Sol Sunwear, which was the first retailer to join the Bitcoin revolution that started in Portsmouth, takes a tongue in cheek approach to their accepting cryptocurrency. Like STREET, each shop accepting crypto in Bitcoin Village has unique signage to alert customers and passer-by that Bitcoin is accepted here. At Sol Sunwear, a shop that sells designer eyewear, the sign reads “Bitcoin millionaires prefer Prada and Valentino.”

Another fashion outlet, Cotillion Bureau, offers second-hand clothing selected for its craftsmanship.

As a tourism hotspot, Bitcoin Village is also home to a few gift shops that offer unique and interesting trinkets. Pickwick’s Mercantile is one of them. Their “feminine” counterpart is Lady Pickwick’s. Deadwick’s Ethereal Emporium is chock full of oddities including crystal balls, costumes, antiques and more – a stark contrast to the technologically advanced nature of Bitcoin and cryptocurrencies. All of these places will accept cryptocurrency alongside traditional dollars and cents.

For entertainment, 33 Artspace offers a local value for live performances, and the Seacost Repertory Theatre is a historic venue for plays, musicals, and more. Portsmouth School of Ballet, Portsmouth Smoke and Vape, Oomph Hair Salon, Port City Coin and Jewelry, Pickwick’s at the Banke, and even Portsmouth’s local Lens Crafters franchise accepts Bitcoin and other cryptocurrencies. Yoga classes at Bikram Yoga Portsmouth can be paid for using crypto. Crypto can buy you almost anything in this town.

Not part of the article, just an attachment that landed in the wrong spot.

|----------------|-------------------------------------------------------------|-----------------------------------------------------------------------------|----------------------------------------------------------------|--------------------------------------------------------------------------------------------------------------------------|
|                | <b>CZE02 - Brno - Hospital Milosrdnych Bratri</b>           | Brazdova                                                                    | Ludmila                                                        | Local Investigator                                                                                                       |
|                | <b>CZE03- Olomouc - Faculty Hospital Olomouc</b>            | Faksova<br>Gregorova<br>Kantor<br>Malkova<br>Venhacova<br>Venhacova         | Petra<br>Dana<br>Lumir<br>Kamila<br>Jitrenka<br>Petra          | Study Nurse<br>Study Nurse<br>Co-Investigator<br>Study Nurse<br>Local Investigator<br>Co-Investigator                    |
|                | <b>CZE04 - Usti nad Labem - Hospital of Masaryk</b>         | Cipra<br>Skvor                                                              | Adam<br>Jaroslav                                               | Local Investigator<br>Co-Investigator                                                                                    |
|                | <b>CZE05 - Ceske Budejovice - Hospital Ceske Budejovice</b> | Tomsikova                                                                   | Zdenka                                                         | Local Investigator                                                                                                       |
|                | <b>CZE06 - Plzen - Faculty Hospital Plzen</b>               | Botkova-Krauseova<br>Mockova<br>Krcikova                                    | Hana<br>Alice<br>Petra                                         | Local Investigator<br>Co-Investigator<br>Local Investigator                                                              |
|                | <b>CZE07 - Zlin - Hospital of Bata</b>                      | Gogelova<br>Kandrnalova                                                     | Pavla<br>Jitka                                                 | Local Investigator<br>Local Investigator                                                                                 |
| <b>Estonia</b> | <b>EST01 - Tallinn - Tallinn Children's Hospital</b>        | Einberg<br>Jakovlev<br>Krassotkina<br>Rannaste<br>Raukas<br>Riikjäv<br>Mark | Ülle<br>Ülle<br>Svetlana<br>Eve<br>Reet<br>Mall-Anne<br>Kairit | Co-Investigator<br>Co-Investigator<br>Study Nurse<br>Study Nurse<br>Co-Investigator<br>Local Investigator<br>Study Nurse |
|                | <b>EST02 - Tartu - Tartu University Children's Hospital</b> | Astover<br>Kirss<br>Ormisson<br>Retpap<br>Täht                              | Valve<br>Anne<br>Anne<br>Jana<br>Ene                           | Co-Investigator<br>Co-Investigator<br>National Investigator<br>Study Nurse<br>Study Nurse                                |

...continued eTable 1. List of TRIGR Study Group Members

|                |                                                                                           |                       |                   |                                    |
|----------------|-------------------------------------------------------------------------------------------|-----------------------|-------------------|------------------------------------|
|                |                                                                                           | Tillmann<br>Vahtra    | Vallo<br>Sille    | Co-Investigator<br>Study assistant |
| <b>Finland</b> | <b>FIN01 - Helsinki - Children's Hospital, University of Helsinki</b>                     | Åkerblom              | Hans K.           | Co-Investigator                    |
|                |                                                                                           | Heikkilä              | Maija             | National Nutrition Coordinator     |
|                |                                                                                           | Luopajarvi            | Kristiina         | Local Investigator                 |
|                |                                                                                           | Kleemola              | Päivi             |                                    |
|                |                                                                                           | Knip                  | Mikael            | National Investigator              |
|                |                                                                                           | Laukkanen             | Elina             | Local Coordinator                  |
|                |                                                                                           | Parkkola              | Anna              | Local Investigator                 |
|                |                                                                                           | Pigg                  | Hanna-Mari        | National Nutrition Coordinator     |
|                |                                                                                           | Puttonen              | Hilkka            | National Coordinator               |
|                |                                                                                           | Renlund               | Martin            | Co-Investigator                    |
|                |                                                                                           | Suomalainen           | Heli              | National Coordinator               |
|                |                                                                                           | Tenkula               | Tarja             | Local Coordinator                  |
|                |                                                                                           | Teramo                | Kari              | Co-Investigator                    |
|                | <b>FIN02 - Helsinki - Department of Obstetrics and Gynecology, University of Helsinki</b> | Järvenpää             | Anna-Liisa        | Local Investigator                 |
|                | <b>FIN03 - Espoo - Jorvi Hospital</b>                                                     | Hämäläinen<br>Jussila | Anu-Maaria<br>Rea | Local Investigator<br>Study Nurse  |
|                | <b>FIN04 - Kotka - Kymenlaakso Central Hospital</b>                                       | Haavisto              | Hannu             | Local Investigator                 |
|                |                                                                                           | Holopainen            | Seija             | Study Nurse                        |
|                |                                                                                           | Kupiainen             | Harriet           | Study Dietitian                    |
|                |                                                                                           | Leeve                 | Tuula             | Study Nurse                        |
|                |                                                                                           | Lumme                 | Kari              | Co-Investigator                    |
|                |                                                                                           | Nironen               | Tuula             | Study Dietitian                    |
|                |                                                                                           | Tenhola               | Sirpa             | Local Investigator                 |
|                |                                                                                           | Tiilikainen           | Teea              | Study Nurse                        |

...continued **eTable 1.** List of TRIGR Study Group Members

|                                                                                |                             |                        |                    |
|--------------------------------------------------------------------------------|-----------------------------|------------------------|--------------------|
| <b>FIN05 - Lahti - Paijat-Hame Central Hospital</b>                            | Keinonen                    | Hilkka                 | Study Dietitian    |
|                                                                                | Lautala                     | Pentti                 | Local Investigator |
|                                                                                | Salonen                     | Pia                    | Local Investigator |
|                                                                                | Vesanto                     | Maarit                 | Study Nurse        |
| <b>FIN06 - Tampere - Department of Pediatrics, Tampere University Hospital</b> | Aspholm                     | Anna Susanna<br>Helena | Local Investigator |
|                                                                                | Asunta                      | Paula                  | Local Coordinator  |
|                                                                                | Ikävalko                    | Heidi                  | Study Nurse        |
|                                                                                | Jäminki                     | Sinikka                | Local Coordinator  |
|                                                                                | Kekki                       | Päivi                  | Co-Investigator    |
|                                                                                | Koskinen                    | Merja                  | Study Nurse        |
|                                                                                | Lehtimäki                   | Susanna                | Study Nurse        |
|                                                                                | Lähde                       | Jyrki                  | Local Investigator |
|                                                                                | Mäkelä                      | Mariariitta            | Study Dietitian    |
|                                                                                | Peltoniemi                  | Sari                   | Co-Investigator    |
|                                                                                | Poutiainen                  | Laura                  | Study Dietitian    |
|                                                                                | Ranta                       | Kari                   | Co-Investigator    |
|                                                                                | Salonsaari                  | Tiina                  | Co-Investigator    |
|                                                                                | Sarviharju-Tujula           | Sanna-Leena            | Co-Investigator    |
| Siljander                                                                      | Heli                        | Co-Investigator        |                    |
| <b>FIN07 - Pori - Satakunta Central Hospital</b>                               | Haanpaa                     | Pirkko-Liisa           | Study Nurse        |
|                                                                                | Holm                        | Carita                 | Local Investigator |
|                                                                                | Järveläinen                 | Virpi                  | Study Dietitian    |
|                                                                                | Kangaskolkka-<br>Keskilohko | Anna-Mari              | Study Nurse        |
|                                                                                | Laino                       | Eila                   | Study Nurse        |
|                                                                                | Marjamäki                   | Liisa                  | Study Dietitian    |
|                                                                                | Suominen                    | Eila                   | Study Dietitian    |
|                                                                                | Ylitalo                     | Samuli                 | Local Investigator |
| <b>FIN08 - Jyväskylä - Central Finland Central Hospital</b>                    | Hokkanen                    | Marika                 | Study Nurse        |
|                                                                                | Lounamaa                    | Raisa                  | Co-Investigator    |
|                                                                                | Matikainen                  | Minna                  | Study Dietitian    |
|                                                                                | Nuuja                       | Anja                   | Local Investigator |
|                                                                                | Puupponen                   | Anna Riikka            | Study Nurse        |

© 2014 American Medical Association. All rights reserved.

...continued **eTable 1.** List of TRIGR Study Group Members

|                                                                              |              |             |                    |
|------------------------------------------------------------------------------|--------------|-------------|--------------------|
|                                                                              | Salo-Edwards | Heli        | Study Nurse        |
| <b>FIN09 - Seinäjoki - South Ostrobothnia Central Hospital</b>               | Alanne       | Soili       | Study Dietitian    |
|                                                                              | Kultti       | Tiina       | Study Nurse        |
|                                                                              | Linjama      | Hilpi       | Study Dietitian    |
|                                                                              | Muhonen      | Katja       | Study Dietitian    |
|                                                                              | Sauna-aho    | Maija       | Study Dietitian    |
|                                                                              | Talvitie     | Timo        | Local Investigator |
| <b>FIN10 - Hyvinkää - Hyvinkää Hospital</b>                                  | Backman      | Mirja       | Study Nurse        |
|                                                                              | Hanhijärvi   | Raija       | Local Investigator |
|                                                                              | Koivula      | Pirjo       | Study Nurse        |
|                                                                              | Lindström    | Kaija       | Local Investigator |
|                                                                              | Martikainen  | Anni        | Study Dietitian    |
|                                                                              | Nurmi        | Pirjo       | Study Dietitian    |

Portsmouth is also home to the Blockchain Institute of Technology and offers hands-on education on blockchain development. Passing by the window, students were hard at work while unmanned computers had screensavers that flashed the images of various cryptocurrency tokens.

Last but not least, the tour ends at the Portsmouth Free State Bitcoin Shoppe. This is where it all started, the “Cryptoanarchy Mecca,” as the two founders define it. Their mission is to “help people use better money.” At the Free State Bitcoin Shoppe, everything from crypto related T-shirts, cold storage hardware wallets, books, and propaganda are available – but here, only cryptocurrency is accepted. That’s right, they’ll turn away fiat money and encourage you to use their crypto ATM if you don’t already own Bitcoin or one of the many other cryptocurrencies accepted here (including Bitcoin Cash, Dash, Zcash, Monero, Ripple, Ethereum, Litecoin, and Dogecoin). It’s the founders of the Free State Bitcoin Shoppe that encouraged other retailers in the area to get involved in the “movement.”